Since 1961, an employer was permitted to reimburse an employee for some or all of the premium expenses incurred for an employee’s individual health insurance plan and exclude that payment from the employee’s income. However, with the passage of the Affordable Care Act, reimbursement plans were rendered obsolete. As explained in Notice 2013-54, the IRS made it clear that these reimbursement plans would be considered group plans and therefore violate certain Affordable Care Act requirements.
Following that notice, many observers expected the IRS to allow employer reimbursement plans as long as the payments were treated as taxable income. However, in 2015 the IRS published Notice 2015-17 and clarified that these arrangements can be considered a group health plan without regard to whether the employer treats the reimbursement as pre- or post-tax to the employee. In other words, even after-tax reimbursement of individual health plans will trigger an excise tax on small business.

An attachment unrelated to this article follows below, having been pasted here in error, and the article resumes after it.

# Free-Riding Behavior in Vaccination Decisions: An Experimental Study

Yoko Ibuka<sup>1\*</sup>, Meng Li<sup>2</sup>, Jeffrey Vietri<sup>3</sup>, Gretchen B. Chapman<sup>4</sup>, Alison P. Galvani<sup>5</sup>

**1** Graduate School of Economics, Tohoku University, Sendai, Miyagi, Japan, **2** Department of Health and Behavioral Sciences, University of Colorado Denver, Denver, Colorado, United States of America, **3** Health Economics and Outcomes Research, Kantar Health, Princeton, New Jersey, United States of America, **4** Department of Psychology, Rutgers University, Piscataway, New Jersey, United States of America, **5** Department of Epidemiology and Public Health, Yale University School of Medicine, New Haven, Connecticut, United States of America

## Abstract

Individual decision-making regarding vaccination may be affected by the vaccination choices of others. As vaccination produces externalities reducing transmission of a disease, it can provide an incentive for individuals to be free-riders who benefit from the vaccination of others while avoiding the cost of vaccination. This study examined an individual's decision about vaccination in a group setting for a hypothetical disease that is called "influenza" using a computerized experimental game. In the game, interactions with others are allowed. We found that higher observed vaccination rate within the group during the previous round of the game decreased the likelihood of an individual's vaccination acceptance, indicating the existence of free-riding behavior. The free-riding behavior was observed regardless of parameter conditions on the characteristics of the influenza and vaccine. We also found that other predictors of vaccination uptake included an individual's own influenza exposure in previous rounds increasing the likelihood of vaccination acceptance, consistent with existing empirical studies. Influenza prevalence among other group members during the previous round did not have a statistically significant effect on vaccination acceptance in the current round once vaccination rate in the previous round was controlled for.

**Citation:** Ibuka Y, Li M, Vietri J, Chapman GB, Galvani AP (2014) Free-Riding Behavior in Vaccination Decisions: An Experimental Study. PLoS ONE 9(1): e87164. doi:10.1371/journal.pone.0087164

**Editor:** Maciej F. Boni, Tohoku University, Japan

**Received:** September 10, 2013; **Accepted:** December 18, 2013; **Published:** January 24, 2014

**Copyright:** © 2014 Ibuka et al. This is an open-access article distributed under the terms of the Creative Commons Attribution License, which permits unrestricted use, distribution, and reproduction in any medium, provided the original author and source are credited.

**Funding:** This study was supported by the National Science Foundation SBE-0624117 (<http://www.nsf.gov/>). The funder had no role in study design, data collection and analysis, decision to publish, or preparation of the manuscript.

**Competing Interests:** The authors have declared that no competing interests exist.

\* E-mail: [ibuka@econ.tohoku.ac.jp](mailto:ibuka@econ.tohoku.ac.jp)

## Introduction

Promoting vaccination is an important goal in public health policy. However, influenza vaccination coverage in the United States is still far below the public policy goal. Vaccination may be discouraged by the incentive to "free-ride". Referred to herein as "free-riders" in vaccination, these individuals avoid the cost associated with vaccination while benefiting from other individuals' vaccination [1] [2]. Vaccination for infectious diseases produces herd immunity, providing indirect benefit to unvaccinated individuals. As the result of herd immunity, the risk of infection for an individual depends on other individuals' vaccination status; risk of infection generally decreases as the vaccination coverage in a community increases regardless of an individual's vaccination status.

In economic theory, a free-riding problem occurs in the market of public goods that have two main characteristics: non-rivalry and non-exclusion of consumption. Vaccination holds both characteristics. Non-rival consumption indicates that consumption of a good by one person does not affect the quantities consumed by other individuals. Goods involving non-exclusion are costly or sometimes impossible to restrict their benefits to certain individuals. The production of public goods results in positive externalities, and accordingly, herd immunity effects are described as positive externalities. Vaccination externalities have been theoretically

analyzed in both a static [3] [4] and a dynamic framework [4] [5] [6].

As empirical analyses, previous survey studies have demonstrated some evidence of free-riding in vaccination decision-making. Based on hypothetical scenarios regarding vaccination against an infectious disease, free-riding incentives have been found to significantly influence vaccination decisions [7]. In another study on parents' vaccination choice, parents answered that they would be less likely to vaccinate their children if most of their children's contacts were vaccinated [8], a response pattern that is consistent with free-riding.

The Notice also indicates that even one-off arrangements with employees that increase their wages to pay for individual health insurance could be considered a group plan. Business owners should, therefore, avoid any kind of reimbursement arrangement, and make sure that any adjustments to compensation are not tied to the purchase of an insurance policy.
And the penalty is steep. As of June 30, 2015, group health plans that do not satisfy the market reforms of ACA are subject to excise taxes of $100 per day per affected individual until corrected. If the violation of the employer’s plan continues for an entire year, the excise tax would be $36,500 per individual.